An Award for “Buzz Tap”

At the beginning of last year I submitted a short story I wrote to the 84th Annual Writer’s Digest Writing Competition, and while I didn’t expecting much, I took pride in my courage to submit anything and didn’t think of it again until 6 months later when I received an email with the subject line: “Congratulations are in order!”

Within the body of the message, I was told that my story had received an honorable mention in the competition, meaning that my name would be printed inside the published copy of the magazine. So, like any mature adult, I jumped up and down and clapped and bought myself a McFlurry on my way home from work that day.

Yesterday, I received a final copy of the magazine in the mail, where sure enough, my name is printed—and spelled correctly! 2 E’s and all—right there on a page in the back and I was bursting with pride.

The whole experience has been the perfect dose of inspiration leading into the New Year, and ironically went along with what my story was all about. Things don’t always work out for us the way we want, or on the schedule we plan, but that doesn’t mean we should stop trying. Have patience and persevere, opportunity and success are waiting for you on the other side.

And although my goals now differ from those in the story, and this small mention in the back of a magazine might be a very small success for me in the grand scheme of things, I like to think of it as the first of many. I’ve knocked down the first wall, now I’m onto the next one!

I’ve posted the story below.

🙂

 

“Buzz Tap” by Kimberlee Koehn

 

I’m sitting on a flat rock with my back resting against another, curvier, rock; all of our butts slowly sinking further into the damp sand. I’m wearing a camouflage sunhat, hiking boots, leggings and a long sleeve shirt, with an awkward neck sunburn already in the works. A fly has been trying its best to migrate into my ear.

To my left is my sister, Natalee, and the Sandoval family: Derrick, Nicole, and DJ. They’ve taken up residence around a shallow curve of the lake, standing side by side, casting and retrieving, casting and retrieving. Natalee sneezes. The sound echoes off the surrounding mountains, most likely provoking a “bless you” from a man 2 miles down wind.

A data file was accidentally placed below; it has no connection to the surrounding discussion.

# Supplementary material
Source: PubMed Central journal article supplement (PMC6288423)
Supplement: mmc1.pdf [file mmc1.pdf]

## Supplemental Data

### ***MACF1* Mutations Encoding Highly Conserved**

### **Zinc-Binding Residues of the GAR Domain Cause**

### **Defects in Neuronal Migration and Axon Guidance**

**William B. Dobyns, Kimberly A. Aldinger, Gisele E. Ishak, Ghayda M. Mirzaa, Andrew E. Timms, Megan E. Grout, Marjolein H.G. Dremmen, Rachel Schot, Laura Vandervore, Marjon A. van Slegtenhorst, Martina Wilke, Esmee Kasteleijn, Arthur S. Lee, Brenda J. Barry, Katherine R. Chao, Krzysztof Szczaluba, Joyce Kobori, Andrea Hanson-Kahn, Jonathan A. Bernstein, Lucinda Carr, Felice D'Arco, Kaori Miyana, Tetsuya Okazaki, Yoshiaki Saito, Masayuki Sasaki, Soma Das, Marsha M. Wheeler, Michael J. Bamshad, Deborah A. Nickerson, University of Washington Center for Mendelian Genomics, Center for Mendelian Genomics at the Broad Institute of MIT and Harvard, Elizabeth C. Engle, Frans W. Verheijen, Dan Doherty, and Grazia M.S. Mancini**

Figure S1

To my right is the Allegretti family: Joe, AD, and Mel. The whizz of the drag on a fishing reel brings Joe to his feet towards his pole shouting, “FISH ON!” in a high pitched voice, most likely provoking jealously from a man 2 miles down wind.

I’ve been staring at my pole—which sits in a sky blue pole holder at a wonky angle—for 20 minutes straight. So far the light breeze and ripples of an adjacent cast are the only factors responsible for its subtle movements.

A quiet splash across the lake snaps me out of my daze. I see my dad skirting across a rocky pathway on the opposite shore, trying to find a fishing spot none of us have tried yet. I look away, not wanting to see him fall in, but then I look back, not wanting to only hear the splash. His legs are wobbly, uncertain as they step. I can hear him taking deep breaths, trying to remain steady. He’s just a boy, really. I see my baby brother in each of his gestures. He’s just a curious, adventure seeking, risk taking, boy. He reaches the spot he had his eyes on and takes a moment to breath before casting. He casts and retrieves, casts and retrieves. I keep sitting.